201. For the effect on the American labor market and on deindustrialization, see Phelim Kine, “China Joined Rules-Based Trading System—Then Broke the Rules,” Politico, December 9, 2021, (accessed February 16, 2023), and Council on Foreign Relations, “What Happened When China Joined the WTO?” -when-china-joined-wto (accessed December 21, 2022).

202. Raf Casert and the Associated Press, “Europeans Furious About Joe Biden’s Inflation Reduction Act Are Threatening a Trade Spat: ‘Nobody Wants to Get into a Tit-for-Tat,’” Fortune, November 25, 2022, -threatening-a-trade-spat-nobody-wants-to-get-into-a-tit-for-tat/ (accessed February 16, 2023).

203. Ezell, “False Promises II: The Continuing Gap,” and Riley Walters, “How to Use the World Trade Organization to Deal with China,” Heritage Foundation Issue Brief No. 6022, October 29, 2020,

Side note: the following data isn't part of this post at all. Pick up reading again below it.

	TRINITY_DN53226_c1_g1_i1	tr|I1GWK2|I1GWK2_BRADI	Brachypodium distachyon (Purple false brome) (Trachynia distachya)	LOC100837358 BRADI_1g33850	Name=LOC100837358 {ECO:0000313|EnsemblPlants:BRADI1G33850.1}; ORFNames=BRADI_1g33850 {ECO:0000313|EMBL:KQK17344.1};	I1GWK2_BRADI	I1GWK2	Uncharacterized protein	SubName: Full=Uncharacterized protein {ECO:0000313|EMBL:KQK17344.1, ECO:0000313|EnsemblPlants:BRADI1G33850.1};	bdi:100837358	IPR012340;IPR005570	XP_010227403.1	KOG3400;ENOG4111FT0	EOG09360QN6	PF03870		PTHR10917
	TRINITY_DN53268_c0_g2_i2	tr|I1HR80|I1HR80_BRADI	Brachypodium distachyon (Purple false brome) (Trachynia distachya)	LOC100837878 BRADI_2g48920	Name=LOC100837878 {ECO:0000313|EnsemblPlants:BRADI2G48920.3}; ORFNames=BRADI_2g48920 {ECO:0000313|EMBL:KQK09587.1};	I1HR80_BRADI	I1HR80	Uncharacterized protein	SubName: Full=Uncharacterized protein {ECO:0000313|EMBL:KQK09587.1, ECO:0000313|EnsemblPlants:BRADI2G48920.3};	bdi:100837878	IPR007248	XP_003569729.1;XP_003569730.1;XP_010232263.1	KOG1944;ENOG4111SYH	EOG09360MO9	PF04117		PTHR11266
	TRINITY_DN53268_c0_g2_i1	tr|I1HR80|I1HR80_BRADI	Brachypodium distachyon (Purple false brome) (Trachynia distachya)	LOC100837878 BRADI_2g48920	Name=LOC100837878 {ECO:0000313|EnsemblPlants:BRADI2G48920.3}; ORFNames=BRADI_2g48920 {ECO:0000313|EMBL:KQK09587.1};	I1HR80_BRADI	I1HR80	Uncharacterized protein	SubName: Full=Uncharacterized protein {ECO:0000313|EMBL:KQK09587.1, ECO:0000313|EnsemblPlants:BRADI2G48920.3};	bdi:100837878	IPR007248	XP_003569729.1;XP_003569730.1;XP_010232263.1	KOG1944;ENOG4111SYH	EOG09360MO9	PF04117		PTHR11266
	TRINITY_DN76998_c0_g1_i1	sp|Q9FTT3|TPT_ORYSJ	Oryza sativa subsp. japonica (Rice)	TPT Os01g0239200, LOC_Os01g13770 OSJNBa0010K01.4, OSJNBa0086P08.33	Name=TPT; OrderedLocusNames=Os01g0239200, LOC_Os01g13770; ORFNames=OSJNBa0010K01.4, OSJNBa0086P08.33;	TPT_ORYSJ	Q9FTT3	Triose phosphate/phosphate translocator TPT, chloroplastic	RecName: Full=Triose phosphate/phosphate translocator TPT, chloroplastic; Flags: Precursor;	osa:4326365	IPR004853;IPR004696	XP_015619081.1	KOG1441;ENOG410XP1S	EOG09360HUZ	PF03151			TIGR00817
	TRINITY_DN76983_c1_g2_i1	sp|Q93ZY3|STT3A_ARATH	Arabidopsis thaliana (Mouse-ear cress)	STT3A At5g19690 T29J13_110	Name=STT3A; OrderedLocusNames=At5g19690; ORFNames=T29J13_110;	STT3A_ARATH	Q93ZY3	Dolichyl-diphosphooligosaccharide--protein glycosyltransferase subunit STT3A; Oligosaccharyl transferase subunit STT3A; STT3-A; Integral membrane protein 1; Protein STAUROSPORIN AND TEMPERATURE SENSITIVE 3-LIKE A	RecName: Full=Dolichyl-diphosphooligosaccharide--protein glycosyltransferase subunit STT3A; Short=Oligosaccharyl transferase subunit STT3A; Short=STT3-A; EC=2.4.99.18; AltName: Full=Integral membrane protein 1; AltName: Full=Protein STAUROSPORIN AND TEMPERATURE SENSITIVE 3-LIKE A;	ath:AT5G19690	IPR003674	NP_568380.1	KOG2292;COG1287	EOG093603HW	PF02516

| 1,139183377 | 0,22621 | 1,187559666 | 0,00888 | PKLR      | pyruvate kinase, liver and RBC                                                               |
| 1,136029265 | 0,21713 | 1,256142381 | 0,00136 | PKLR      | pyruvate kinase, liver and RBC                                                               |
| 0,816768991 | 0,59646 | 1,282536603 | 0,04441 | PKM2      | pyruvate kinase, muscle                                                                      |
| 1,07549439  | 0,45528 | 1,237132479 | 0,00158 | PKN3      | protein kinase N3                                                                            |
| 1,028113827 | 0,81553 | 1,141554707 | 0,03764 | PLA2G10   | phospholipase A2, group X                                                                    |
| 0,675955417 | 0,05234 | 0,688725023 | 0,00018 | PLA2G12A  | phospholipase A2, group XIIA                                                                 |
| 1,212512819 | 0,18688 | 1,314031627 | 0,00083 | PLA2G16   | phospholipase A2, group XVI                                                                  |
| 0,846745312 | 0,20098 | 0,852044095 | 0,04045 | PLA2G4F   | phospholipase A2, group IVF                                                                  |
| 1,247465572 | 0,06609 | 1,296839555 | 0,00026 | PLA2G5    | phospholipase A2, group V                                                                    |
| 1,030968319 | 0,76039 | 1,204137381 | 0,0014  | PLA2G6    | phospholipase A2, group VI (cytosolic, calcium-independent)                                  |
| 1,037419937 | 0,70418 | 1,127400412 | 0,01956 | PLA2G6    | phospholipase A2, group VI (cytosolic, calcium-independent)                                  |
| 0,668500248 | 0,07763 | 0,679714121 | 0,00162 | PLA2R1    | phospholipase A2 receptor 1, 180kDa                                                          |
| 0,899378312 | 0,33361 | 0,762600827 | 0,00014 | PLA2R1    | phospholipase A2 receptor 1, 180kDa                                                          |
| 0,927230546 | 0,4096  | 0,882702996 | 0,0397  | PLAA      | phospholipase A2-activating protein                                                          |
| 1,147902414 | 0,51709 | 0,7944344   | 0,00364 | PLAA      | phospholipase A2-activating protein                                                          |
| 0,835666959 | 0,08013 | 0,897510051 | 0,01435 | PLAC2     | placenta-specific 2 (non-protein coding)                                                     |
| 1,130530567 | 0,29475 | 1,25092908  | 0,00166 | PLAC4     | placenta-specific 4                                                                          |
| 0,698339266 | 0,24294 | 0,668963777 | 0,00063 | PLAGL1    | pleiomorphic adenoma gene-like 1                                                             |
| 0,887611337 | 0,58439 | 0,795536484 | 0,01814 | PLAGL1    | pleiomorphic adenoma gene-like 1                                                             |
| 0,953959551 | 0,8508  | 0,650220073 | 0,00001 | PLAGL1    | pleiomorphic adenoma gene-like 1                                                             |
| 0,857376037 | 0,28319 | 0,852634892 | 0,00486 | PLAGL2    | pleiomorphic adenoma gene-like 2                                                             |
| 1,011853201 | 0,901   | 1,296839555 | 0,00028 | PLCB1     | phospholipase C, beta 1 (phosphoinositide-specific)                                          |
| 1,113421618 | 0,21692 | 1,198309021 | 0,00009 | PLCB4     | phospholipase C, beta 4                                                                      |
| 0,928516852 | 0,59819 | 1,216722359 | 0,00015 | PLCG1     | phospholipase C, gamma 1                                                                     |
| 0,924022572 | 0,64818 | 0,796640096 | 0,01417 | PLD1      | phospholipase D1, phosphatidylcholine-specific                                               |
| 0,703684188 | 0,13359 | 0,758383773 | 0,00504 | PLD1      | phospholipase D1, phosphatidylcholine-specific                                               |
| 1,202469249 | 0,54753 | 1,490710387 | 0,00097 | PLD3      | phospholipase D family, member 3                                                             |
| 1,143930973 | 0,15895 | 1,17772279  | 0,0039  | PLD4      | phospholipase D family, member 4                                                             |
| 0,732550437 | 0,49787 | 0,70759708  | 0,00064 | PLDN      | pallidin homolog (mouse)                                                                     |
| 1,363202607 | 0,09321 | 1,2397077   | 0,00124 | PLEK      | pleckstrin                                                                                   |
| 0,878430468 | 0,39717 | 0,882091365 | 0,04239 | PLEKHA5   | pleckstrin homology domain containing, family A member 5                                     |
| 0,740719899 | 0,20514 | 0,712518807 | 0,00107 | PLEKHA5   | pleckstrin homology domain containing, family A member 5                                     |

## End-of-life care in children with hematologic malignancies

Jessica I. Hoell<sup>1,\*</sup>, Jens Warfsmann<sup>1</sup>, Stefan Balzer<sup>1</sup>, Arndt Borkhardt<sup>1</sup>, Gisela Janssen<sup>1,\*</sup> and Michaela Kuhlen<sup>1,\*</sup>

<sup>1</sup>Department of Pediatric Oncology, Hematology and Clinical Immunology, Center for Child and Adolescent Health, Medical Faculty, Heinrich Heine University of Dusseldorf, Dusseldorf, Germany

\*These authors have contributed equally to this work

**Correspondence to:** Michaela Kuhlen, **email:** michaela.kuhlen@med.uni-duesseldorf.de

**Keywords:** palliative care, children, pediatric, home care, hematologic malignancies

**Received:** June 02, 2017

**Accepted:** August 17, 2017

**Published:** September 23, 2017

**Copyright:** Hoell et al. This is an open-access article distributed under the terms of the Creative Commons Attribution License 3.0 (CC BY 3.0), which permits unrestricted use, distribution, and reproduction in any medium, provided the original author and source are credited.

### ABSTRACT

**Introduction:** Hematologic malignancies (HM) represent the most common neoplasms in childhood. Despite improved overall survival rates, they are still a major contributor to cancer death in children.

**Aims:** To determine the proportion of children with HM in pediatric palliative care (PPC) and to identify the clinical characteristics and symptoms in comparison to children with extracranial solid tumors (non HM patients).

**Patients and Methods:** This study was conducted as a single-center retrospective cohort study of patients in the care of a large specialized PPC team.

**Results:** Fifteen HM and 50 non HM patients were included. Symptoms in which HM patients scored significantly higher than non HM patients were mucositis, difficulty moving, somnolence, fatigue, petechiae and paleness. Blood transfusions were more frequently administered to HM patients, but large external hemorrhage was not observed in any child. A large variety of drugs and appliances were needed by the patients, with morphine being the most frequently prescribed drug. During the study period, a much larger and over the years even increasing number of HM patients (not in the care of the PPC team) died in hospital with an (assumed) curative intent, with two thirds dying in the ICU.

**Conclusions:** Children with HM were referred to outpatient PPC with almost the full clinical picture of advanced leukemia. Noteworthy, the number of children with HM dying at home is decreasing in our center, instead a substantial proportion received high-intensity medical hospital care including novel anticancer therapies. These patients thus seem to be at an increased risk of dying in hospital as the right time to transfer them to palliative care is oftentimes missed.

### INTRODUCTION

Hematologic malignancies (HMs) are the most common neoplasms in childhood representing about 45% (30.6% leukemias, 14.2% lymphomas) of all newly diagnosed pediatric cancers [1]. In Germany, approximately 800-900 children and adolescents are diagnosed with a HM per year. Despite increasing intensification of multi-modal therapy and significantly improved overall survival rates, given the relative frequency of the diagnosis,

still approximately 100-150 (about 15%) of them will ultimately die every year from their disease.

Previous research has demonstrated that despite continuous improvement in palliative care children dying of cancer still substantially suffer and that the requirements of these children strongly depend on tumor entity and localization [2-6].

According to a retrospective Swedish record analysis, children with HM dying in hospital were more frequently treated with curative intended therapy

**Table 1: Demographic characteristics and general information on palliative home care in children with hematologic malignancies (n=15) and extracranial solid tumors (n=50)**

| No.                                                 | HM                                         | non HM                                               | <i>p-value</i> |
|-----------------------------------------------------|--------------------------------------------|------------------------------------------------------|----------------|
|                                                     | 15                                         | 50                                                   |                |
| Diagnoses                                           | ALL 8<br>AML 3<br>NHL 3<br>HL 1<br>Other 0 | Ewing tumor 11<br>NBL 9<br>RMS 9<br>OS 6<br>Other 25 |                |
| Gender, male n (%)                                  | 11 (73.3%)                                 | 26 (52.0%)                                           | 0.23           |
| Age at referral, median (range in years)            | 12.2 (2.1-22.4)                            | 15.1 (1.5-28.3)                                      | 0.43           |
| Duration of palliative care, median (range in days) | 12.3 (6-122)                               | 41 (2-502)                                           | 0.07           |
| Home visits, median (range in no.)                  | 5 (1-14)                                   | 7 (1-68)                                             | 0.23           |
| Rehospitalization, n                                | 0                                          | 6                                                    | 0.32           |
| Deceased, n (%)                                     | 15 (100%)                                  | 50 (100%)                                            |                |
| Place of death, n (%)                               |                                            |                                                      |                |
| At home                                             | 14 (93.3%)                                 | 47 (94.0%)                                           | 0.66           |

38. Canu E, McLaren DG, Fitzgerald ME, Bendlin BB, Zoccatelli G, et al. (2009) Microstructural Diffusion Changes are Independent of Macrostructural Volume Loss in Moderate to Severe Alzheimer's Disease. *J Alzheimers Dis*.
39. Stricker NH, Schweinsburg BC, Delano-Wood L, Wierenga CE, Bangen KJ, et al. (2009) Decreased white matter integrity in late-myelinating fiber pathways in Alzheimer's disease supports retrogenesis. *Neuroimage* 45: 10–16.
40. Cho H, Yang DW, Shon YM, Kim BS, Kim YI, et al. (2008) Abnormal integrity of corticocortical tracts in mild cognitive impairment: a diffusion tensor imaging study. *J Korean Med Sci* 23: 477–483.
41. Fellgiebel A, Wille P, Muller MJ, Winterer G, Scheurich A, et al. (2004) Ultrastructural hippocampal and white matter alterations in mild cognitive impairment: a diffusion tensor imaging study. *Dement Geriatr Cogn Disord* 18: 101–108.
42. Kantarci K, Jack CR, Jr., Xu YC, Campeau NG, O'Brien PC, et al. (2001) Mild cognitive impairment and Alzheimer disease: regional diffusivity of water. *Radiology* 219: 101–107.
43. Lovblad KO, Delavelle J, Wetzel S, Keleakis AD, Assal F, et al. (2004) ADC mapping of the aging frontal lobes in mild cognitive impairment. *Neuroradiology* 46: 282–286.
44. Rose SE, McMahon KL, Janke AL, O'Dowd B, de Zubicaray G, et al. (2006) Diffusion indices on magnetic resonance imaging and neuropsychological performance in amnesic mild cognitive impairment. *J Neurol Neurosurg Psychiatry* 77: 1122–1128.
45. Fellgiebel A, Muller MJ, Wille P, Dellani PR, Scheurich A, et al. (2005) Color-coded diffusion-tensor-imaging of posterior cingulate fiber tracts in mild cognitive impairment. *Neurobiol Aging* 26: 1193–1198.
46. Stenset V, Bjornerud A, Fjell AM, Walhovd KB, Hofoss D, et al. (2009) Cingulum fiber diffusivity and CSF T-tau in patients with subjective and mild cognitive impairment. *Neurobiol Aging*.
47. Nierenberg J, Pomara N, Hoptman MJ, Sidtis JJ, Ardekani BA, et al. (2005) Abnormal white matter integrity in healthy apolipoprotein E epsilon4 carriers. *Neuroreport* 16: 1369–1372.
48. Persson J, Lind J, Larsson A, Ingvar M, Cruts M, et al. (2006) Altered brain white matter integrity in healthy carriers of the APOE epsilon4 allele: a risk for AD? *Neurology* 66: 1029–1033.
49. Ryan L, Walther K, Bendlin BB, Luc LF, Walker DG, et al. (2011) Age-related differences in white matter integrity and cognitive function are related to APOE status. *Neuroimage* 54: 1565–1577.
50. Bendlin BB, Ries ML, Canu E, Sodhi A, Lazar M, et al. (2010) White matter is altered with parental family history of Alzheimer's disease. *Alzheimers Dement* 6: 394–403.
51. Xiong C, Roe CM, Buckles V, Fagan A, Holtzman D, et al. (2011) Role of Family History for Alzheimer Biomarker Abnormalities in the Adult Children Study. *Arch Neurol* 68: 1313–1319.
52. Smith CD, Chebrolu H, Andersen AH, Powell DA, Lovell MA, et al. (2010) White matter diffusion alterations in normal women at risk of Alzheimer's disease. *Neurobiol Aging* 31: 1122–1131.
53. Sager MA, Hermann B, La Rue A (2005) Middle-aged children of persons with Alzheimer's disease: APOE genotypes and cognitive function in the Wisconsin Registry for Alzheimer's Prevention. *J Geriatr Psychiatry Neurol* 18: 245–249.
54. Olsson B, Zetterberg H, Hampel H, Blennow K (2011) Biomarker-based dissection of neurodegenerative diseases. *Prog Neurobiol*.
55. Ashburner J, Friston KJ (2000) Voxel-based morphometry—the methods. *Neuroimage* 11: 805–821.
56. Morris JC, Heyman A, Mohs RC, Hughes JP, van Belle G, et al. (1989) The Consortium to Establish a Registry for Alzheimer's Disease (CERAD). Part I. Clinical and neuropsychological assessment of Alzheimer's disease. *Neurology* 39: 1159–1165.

204. Davide Furceri et al., “Are Tariffs Bad for Growth? Yes, Say Five Decades of Data from 150 Countries,” Journal of Policy Modeling, Vol. 42, No. 4 (2020), pp. 850–859, (accessed February 22, 2023).

205. Senate Committee on Health Education, Labor, and Pensions Minority Oversight Staff, “An Analysis of the Origins of the COVID-19 Pandemic: Interim Report,” October 2020, p. 4, (accessed February 16, 2023).

206. Brett D. Schaefer and Danielle Pletka, “What the World Health Organization Must Do to Earn Back U.S. Support,” Heritage Foundation Issue Brief No. 5098, August 7, 2020, pp. 2 and 3, (accessed February 16, 2023).